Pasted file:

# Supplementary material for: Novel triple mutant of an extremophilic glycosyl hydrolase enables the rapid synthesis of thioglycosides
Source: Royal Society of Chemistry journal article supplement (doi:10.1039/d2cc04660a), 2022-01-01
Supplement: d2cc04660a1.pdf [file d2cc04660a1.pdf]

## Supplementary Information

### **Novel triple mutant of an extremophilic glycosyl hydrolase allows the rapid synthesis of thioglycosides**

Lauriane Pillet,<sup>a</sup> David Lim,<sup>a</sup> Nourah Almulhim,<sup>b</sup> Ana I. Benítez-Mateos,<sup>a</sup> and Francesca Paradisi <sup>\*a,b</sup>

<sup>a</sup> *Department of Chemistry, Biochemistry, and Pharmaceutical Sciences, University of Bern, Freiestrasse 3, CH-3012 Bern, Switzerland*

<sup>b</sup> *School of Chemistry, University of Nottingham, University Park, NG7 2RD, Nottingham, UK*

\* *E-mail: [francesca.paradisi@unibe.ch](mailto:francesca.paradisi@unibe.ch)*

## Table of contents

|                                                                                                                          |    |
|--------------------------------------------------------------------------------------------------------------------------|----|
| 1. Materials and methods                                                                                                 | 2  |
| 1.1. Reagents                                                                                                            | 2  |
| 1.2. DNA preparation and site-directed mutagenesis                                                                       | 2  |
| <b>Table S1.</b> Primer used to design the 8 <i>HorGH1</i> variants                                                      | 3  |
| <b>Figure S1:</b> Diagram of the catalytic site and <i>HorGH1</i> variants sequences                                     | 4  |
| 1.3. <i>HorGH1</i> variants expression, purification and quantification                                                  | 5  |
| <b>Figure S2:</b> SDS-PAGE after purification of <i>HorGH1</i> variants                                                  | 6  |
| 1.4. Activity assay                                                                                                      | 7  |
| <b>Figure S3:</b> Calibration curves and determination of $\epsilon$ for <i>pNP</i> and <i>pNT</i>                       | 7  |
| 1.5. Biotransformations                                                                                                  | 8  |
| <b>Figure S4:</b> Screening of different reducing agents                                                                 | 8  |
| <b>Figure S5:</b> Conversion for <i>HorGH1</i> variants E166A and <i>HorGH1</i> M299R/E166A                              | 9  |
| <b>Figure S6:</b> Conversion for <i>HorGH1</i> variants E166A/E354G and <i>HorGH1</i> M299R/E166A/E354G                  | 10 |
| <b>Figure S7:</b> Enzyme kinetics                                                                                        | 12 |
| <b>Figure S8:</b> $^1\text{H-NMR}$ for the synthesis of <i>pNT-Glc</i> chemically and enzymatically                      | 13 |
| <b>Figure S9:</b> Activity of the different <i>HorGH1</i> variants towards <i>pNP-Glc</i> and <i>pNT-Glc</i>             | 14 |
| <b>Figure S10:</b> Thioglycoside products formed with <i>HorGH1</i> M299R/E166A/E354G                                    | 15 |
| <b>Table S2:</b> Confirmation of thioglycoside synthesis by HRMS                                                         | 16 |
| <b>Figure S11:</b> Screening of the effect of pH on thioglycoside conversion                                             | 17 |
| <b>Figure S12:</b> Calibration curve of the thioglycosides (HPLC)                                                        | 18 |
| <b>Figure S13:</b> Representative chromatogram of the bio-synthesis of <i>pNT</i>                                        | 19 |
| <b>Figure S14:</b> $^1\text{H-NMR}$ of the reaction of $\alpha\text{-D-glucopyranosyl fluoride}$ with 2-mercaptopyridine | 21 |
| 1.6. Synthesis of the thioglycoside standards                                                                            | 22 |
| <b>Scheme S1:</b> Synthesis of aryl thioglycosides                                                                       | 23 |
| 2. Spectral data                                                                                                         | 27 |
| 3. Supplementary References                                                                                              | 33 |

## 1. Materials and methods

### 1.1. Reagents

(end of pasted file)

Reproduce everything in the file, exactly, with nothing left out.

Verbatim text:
# Supplementary material for: Novel triple mutant of an extremophilic glycosyl hydrolase enables the rapid synthesis of thioglycosides
Source: Royal Society of Chemistry journal article supplement (doi:10.1039/d2cc04660a), 2022-01-01
Supplement: d2cc04660a1.pdf [file d2cc04660a1.pdf]

## Supplementary Information

### **Novel triple mutant of an extremophilic glycosyl hydrolase allows the rapid synthesis of thioglycosides**

Lauriane Pillet,<sup>a</sup> David Lim,<sup>a</sup> Nourah Almulhim,<sup>b</sup> Ana I. Benítez-Mateos,<sup>a</sup> and Francesca Paradisi <sup>\*a,b</sup>

<sup>a</sup> *Department of Chemistry, Biochemistry, and Pharmaceutical Sciences, University of Bern, Freiestrasse 3, CH-3012 Bern, Switzerland*

<sup>b</sup> *School of Chemistry, University of Nottingham, University Park, NG7 2RD, Nottingham, UK*

\* *E-mail: [francesca.paradisi@unibe.ch](mailto:francesca.paradisi@unibe.ch)*

## Table of contents

|                                                                                                                          |    |
|--------------------------------------------------------------------------------------------------------------------------|----|
| 1. Materials and methods                                                                                                 | 2  |
| 1.1. Reagents                                                                                                            | 2  |
| 1.2. DNA preparation and site-directed mutagenesis                                                                       | 2  |
| <b>Table S1.</b> Primer used to design the 8 <i>HorGH1</i> variants                                                      | 3  |
| <b>Figure S1:</b> Diagram of the catalytic site and <i>HorGH1</i> variants sequences                                     | 4  |
| 1.3. <i>HorGH1</i> variants expression, purification and quantification                                                  | 5  |
| <b>Figure S2:</b> SDS-PAGE after purification of <i>HorGH1</i> variants                                                  | 6  |
| 1.4. Activity assay                                                                                                      | 7  |
| <b>Figure S3:</b> Calibration curves and determination of $\epsilon$ for <i>pNP</i> and <i>pNT</i>                       | 7  |
| 1.5. Biotransformations                                                                                                  | 8  |
| <b>Figure S4:</b> Screening of different reducing agents                                                                 | 8  |
| <b>Figure S5:</b> Conversion for <i>HorGH1</i> variants E166A and <i>HorGH1</i> M299R/E166A                              | 9  |
| <b>Figure S6:</b> Conversion for <i>HorGH1</i> variants E166A/E354G and <i>HorGH1</i> M299R/E166A/E354G                  | 10 |
| <b>Figure S7:</b> Enzyme kinetics                                                                                        | 12 |
| <b>Figure S8:</b> $^1\text{H-NMR}$ for the synthesis of <i>pNT-Glc</i> chemically and enzymatically                      | 13 |
| <b>Figure S9:</b> Activity of the different <i>HorGH1</i> variants towards <i>pNP-Glc</i> and <i>pNT-Glc</i>             | 14 |
| <b>Figure S10:</b> Thioglycoside products formed with <i>HorGH1</i> M299R/E166A/E354G                                    | 15 |
| <b>Table S2:</b> Confirmation of thioglycoside synthesis by HRMS                                                         | 16 |
| <b>Figure S11:</b> Screening of the effect of pH on thioglycoside conversion                                             | 17 |
| <b>Figure S12:</b> Calibration curve of the thioglycosides (HPLC)                                                        | 18 |
| <b>Figure S13:</b> Representative chromatogram of the bio-synthesis of <i>pNT</i>                                        | 19 |
| <b>Figure S14:</b> $^1\text{H-NMR}$ of the reaction of $\alpha\text{-D-glucopyranosyl fluoride}$ with 2-mercaptopyridine | 21 |
| 1.6. Synthesis of the thioglycoside standards                                                                            | 22 |
| <b>Scheme S1:</b> Synthesis of aryl thioglycosides                                                                       | 23 |
| 2. Spectral data                                                                                                         | 27 |
| 3. Supplementary References                                                                                              | 33 |

## 1. Materials and methods

### 1.1. Reagents